“The State Defendant’s argument that the birth mother should acknowledge that she is not married to the father of her child when she has been artificially inseminated or else she is committing fraud when she has been artificially inseminated is not consistent with the Indiana Birth Worksheet, Indiana law, or common sense,” the judge wrote. “The Indiana Birth Worksheet asks, ‘are you married to the father of your child,’ yet it does not define ‘father.’ This term can mean different things to different women. Common sense says that an artificially-inseminated woman married to a man who has joined in the decision for this method of conception, and who intends to treat the child as his own, would indicate that she is married to the father of her child. Why would she indicate otherwise?”

Pratt pointed out that some other states had enacted specific statutory language to deal with the use of donor insemination by married couples and the issuance of appropriate birth certificates, but Indiana has failed to do so. She noted, however, that even in one such state, Wisconsin, litigation is pending because officials there have also been refusing to list same-sex spouses on birth certificates.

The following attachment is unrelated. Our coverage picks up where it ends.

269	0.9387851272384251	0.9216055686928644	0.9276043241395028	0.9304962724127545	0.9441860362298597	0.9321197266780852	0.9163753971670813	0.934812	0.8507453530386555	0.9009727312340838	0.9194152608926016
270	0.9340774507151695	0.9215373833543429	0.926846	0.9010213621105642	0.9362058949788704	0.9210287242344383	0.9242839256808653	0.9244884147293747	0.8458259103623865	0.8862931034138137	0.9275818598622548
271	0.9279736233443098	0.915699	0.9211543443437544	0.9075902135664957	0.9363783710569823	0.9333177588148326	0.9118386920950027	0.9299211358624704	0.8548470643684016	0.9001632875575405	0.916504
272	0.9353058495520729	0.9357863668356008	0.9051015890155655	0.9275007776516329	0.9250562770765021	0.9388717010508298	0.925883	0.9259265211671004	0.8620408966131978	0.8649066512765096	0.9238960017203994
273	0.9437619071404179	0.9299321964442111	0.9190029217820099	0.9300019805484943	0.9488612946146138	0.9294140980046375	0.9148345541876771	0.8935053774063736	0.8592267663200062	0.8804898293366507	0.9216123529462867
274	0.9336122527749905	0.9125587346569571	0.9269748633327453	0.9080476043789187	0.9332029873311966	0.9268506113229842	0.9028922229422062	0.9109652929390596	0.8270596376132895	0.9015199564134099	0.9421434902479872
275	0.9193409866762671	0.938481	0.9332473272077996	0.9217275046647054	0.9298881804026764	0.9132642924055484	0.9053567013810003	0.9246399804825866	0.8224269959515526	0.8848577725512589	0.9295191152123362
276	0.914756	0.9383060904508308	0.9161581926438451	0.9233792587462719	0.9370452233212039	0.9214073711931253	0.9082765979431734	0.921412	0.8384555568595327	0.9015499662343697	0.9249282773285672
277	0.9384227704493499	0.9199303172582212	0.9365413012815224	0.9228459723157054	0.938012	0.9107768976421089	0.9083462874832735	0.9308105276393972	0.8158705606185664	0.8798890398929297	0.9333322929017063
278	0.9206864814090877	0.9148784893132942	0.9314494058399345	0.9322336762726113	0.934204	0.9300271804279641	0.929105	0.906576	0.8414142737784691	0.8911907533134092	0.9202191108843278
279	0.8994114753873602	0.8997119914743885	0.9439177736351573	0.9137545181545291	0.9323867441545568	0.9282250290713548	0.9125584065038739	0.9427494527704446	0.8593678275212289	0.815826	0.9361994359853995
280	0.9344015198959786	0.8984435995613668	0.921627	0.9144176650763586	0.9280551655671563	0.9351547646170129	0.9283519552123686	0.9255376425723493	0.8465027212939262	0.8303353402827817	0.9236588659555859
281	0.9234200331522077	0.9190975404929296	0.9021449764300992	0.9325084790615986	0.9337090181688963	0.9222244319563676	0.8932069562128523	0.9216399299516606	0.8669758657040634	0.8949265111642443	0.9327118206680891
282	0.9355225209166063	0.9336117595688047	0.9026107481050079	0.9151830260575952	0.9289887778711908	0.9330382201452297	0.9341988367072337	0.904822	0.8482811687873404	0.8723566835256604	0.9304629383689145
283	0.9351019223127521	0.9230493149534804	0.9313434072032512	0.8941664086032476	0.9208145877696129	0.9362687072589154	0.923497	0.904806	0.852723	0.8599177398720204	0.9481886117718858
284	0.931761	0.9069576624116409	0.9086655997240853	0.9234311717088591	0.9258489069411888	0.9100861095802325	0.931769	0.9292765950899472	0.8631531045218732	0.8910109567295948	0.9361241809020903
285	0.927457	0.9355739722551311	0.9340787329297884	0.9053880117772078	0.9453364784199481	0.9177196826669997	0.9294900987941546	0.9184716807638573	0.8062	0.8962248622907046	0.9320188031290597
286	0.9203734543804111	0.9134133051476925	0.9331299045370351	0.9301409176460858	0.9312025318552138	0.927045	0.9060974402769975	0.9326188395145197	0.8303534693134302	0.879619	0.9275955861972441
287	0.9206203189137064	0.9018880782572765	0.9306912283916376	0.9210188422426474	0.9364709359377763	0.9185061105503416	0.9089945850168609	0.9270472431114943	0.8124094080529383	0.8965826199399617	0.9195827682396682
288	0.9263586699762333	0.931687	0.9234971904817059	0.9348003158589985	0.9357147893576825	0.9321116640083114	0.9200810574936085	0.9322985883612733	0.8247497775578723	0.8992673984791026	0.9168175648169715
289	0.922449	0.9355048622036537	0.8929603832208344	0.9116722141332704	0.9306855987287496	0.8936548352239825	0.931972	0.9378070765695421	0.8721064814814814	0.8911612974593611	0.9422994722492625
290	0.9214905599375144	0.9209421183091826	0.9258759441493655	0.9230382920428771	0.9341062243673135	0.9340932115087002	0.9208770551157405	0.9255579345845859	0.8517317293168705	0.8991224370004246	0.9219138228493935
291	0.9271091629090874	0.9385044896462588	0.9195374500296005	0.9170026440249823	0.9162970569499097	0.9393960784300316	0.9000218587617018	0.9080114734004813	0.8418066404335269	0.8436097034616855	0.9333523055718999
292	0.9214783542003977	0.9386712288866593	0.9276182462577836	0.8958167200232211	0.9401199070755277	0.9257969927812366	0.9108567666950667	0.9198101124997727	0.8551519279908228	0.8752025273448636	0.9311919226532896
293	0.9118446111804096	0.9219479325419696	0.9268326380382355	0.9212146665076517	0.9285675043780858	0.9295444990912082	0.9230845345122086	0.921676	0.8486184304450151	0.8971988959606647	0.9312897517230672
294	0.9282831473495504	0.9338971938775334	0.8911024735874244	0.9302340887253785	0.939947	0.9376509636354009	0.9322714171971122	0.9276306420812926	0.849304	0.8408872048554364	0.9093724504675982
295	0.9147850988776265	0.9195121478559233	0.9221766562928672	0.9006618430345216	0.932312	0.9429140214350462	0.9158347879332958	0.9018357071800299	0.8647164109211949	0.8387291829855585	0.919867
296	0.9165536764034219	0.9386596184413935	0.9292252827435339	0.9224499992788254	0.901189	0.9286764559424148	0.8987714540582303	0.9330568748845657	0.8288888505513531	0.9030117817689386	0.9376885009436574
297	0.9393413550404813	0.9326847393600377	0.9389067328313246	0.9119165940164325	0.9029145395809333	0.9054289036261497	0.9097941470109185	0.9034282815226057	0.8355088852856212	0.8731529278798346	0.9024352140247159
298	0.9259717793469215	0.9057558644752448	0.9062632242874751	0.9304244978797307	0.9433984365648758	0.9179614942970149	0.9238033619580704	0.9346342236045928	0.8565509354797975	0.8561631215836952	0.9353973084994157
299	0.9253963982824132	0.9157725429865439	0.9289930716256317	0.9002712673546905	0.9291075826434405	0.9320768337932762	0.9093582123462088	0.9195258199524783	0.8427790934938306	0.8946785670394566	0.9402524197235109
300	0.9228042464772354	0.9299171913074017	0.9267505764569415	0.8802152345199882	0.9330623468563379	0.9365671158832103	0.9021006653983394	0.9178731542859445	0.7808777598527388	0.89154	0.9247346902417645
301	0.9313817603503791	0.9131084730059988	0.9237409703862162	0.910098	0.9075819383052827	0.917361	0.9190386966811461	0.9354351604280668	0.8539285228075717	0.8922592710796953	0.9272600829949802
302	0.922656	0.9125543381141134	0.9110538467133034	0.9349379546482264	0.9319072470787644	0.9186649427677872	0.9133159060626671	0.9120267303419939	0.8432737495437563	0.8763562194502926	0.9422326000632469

The process employed by Indiana, Pratt concluded, does not achieve its articulated purpose of creating a “true” record of biological parents and is administered in a way that clearly discriminated against same-sex couples. Rejecting the state’s argument that employing a parental presumption was not required under the US Supreme Court’s mandate last year that same-sex couples enjoy equal marriage benefits, she pointed out, “the state created a benefit for married women based on their marriage to a man, which allows them to name their husband on their child’s birth certificate even when the husband is not the biological father. Because of Baskin [the Seventh Circuit’s 2014 marriage equality ruling] and Obergefell, this benefit — which is directly tied to marriage — must now be afforded to women married to women.”

Since Indiana failed to demonstrate a rationale for its policy to satisfy the heightened scrutiny required in equal protection cases, it clearly fell short in meeting the strict scrutiny standards that apply in analyzing a due process claim under Obergefell. Last year’s Supreme Court marriage equality ruling identified both clauses of the 14th Amendment as a source of the right to marry.

Pratt concluded, “Given Indiana’s long-articulated interest in doing what is in the best interest of the child and given that the Indiana Legislature has stated the purpose of Title 31 is to protect, promote, and preserve Indiana families, there is no conceivable important governmental interest that would justify the different treatment for female spouses of artificially-inseminated birth mothers from the male spouses of artificially-inseminated birth mothers. As other district courts have noted, the holding of Obergefell will inevitably require ‘sweeping change’ by extending to same-sex married couples all benefits afforded to opposite-sex married couples. Those benefits must logically and reasonably include the recognition sought by Plaintiffs in this action.”